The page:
NationalStacy M. Brown

Voters Desire Steadier Hand, Greater Cooperation with U.S. Allies: Study

American voters consistently view Russia as a major geopolitical adversary — but stark partisan divides emerge when it comes to defending American democracy against Russian interference, according to a new report from the Center for American Progress (CAP) in northwest D.C.

Voters reject the Trump administration’s case against action on climate change and a strong majority of Americans support America investing more in clean energy at home and working with allies to fight climate change, according to the report.

In gathering information for the report, CAP officials looked at the attitudes of American voters based on new findings in their research.

The country needs to invest in America’s workers and stay true to its values of freedom and opportunity for all so that the U.S. can remain strong and competitive in the world, the study authors found.

America must make new investments in its own infrastructure, education, and health care to successfully compete against China and take new steps to build strong alliances with Europe and Asia to help respond to China’s rise, according to the study.

Also, America is safer and stronger when it works together with allies to address shared global challenges such as international terrorism, climate change, and new threats such as cyberwarfare. The study also noted that America must make new investments in its own infrastructure, education, and health care to successfully compete against China.

“America on its own cannot address the biggest problems in the world today — such as climate change, migration, terrorism, global disease, and the spread of nuclear weapons — and we must work closely with our international allies to confront these problems together,” CAP officials wrote.

The report noted that nearly all voters — 95 percent — in the survey agreed with the idea that the United States needs to invest more in its workers and stay true to its values at home to remain strong and competitive in the world.

An additional two-thirds, or 68 percent, of American voters say that the United States should invest more in renewable and clean energy sources to combat climate change regardless of other nations’ actions, rather than further exploit America’s fossil fuel resources.

American voters strongly desire a steadier hand, greater cooperation with U.S. allies, and less of a unilateral approach to U.S. foreign policy.

Voters clearly desire greater cooperation with the United States’ allies and more coordinated efforts with other nations to tackle problems, such as terrorism, climate change, and migration, that cross domestic borders.

The vast majority of voters are opposed to continued unilateral disruption and erosion of international norms and treaties. Additionally, American voters desperately want a national economic investment plan to help the United States compete in the world.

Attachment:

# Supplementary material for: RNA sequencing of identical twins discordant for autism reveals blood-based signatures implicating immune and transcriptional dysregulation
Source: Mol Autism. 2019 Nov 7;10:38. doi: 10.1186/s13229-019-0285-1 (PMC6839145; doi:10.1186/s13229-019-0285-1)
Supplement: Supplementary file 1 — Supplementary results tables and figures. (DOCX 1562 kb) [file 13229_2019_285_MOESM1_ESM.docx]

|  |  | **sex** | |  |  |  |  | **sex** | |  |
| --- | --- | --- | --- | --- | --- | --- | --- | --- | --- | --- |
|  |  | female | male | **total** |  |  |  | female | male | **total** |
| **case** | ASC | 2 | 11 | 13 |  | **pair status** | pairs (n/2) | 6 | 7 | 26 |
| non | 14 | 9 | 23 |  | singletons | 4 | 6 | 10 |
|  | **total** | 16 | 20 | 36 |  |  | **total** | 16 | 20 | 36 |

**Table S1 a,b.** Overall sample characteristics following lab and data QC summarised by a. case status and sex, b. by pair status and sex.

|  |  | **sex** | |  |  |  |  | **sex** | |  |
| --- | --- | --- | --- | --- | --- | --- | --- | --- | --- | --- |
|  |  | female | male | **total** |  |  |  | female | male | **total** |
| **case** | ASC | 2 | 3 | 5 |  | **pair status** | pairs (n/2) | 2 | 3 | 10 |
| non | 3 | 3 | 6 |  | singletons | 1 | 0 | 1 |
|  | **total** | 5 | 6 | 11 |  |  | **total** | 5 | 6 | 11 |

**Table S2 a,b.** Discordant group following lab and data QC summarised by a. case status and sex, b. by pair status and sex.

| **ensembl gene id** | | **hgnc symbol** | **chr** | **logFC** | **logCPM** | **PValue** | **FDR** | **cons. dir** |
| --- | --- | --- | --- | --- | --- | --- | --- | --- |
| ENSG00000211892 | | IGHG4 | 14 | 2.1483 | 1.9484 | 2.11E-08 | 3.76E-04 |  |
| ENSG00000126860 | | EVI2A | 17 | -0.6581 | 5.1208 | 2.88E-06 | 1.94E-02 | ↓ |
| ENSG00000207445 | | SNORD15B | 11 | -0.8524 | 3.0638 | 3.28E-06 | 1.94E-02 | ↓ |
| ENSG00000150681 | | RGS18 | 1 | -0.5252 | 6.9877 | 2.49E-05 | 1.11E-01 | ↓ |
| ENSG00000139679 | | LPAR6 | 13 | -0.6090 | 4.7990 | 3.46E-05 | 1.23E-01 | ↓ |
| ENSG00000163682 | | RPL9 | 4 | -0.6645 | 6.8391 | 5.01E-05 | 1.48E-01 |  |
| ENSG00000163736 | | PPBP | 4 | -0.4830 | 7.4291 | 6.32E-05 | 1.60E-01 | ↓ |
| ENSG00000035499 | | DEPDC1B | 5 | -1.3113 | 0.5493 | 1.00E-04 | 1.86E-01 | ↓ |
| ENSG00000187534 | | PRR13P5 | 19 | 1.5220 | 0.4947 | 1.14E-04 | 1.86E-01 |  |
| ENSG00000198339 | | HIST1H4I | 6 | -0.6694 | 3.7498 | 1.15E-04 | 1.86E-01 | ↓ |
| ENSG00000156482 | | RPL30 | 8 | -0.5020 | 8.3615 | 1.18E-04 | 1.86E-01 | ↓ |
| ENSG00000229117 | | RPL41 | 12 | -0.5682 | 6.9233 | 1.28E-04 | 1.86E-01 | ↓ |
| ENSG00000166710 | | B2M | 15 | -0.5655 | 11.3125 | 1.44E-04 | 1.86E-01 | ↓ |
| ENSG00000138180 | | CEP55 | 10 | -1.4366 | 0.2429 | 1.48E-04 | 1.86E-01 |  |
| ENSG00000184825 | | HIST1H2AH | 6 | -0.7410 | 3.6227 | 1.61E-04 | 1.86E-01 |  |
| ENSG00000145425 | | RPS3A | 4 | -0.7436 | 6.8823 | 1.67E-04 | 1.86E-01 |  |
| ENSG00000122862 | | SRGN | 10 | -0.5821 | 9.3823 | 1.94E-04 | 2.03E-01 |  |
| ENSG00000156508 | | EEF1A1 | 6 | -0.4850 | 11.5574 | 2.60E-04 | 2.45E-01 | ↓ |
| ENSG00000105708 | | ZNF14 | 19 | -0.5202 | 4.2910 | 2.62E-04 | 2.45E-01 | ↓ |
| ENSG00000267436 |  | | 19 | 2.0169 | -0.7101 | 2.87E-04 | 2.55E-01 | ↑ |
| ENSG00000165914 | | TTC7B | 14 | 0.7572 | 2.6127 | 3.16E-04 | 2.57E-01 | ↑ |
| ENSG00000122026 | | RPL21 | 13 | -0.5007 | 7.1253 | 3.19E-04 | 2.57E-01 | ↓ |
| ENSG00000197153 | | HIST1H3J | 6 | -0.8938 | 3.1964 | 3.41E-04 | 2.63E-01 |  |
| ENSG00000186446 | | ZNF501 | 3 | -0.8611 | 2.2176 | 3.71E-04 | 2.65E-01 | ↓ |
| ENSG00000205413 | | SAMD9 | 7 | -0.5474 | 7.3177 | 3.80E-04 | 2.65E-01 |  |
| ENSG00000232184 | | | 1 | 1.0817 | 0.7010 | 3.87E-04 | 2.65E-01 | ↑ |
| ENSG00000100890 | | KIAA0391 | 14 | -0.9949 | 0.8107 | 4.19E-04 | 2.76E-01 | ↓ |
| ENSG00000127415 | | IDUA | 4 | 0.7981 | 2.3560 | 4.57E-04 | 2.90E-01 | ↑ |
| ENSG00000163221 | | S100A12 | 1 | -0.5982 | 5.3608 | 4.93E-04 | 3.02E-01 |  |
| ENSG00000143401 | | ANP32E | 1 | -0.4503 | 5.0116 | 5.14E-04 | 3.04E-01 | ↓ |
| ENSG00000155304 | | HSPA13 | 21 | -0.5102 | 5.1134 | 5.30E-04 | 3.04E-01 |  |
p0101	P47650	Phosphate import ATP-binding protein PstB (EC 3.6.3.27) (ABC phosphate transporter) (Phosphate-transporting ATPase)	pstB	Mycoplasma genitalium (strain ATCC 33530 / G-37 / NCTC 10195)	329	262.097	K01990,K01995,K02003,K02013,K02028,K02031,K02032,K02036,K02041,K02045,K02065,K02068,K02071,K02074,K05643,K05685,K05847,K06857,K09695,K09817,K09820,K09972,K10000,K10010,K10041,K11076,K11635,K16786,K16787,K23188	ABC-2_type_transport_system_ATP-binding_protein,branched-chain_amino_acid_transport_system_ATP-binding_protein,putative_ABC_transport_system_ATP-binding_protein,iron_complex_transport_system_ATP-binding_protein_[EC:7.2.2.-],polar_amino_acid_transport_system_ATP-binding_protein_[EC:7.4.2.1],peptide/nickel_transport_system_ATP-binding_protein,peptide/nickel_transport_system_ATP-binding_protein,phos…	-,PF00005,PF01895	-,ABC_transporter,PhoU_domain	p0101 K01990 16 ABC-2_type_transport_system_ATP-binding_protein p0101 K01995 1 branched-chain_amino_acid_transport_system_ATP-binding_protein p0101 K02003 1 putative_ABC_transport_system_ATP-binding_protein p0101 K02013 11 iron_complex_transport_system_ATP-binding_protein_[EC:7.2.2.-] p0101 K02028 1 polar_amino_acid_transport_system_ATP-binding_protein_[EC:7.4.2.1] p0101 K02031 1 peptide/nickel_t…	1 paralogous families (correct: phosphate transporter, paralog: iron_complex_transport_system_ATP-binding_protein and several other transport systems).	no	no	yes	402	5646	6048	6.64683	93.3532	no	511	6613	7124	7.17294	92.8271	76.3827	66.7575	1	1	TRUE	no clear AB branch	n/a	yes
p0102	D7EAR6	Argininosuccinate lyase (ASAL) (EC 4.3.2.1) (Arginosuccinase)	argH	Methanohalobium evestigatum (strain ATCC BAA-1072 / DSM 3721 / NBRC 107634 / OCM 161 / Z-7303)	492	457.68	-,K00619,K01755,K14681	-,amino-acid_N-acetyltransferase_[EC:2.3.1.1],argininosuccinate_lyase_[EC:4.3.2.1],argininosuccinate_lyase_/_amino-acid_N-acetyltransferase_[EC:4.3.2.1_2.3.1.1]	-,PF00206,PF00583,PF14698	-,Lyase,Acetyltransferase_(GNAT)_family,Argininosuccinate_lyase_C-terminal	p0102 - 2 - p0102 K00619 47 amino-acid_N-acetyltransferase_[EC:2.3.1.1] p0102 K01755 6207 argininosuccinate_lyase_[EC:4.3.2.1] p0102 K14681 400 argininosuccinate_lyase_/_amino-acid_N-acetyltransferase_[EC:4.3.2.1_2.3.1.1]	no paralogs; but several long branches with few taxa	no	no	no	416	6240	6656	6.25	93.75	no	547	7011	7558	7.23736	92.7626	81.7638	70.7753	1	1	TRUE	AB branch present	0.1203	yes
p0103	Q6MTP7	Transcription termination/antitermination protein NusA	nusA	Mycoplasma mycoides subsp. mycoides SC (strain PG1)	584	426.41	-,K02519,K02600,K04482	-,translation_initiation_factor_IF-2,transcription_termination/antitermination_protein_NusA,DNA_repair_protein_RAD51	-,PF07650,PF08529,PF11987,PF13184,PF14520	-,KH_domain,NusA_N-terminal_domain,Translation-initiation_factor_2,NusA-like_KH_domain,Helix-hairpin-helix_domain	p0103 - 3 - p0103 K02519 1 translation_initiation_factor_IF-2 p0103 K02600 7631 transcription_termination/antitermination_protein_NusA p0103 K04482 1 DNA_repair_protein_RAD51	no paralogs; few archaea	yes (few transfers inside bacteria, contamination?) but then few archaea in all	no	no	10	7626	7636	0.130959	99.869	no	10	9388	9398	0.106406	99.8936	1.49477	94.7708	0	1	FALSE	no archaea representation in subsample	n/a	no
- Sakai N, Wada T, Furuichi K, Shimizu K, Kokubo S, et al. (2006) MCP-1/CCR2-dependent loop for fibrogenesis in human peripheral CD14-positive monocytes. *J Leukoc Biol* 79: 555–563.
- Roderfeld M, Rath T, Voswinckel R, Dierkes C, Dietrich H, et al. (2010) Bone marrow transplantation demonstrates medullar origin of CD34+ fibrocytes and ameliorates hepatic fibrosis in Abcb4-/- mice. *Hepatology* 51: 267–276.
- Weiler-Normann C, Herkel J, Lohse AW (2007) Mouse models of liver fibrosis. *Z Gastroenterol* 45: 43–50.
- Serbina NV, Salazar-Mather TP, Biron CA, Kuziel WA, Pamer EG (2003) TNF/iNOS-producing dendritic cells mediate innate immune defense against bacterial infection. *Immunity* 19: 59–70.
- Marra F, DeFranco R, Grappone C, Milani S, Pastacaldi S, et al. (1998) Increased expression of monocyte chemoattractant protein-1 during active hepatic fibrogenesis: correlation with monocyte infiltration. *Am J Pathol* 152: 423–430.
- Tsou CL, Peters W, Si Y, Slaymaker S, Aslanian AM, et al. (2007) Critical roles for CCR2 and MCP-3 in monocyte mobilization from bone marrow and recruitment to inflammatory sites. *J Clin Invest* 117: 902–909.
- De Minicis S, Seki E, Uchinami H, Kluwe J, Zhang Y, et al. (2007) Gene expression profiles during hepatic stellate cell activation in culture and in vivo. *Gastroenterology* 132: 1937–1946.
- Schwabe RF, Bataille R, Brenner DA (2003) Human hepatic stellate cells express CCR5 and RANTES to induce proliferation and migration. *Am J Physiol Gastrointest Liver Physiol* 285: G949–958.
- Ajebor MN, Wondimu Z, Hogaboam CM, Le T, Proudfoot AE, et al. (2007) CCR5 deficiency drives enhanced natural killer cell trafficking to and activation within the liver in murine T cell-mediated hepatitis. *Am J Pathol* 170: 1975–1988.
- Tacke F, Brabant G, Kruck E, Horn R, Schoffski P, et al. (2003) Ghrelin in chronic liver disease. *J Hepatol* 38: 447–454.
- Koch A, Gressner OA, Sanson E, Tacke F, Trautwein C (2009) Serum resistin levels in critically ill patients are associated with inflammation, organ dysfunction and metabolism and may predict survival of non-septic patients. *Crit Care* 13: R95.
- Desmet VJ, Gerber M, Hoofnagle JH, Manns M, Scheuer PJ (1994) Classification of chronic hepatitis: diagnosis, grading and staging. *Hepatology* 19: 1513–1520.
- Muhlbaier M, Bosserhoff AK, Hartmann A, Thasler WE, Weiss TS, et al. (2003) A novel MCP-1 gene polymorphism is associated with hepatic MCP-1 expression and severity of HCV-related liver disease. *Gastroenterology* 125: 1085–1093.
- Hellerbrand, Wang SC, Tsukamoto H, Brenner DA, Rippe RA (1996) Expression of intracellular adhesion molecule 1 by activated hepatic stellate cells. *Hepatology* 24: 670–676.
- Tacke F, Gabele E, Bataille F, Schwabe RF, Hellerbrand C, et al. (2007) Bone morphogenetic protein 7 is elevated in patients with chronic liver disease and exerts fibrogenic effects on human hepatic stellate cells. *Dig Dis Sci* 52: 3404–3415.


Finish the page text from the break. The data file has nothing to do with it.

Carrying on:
The study also found that China is the biggest competitor in the eyes of Americans. But two-thirds, or 67 percent, of Americans see strong alliances — not trade wars — as the best way to counter unfair Chinese trade practices and government subsidies.

Virtually all American voters — 94 percent — believe that the United States must take new steps to build alliances in Europe and Asia to help respond to China’s rise.

Similar unanimity, at 93 percent, exists when it comes to working with allies to address shared global challenges such as terrorism and climate change.

Voters also prefer progressive approaches to immigration and climate change over the more divisive policy options offered by conservative nationalists.

Harsh takes on border control and the exploitation of domestic fossil fuels over clean energy solutions fail to win over most voters, according to the report’s authors.

On immigration, nearly two-thirds, or 64 percent, of Americans favor comprehensive immigration reform with a safe, legal and managed path to citizenship over an alternative approach centered on a massive border wall and financial penalties imposed on Mexico if it doesn’t reduce migration.

This includes more than eight in 10 Democrats and two-thirds of independents, as well as six in 10 Republicans.

More than eight in 10 (83 percent) Democrats, two-thirds (66 percent) of millennials, and a majority (51 percent) of independents favor aid to Central American nations as a way to reduce migration over the more hardline approach.

“The main goal of this research was to understand the attitudes of American voters on foreign policy — including how these attitudes are shaped and what issues matter the most to voters,” wrote the report’s authors, Brian Katulis, a CAP senior fellow, Peter Juul, a CAP senior policy analyst for national security and international policy, and John Halpin, a senior fellow at the CAP.

“In exploring these views, CAP sought to inform the country’s current foreign policy debate with empirical data on the views of American voters with the hopes that this would contribute to better policies and ideas with the support of the American public,” they wrote.

To view the full report, go to

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Stacy M. Brown

I’ve worked for the Daily News of Los Angeles, the L.A. Times, Gannet and the Times-Tribune and have contributed to the Pocono Record, the New York Post and the New York Times. Television news opportunities have included: NBC, MSNBC, Scarborough Country, the Abrams Report, Today, Good Morning America, NBC Nightly News, Imus in the Morning and Anderson Cooper 360. Radio programs like the Wendy Williams Experience, Tom Joyner Morning Show and the Howard Stern Show have also provided me the chance to share my views.

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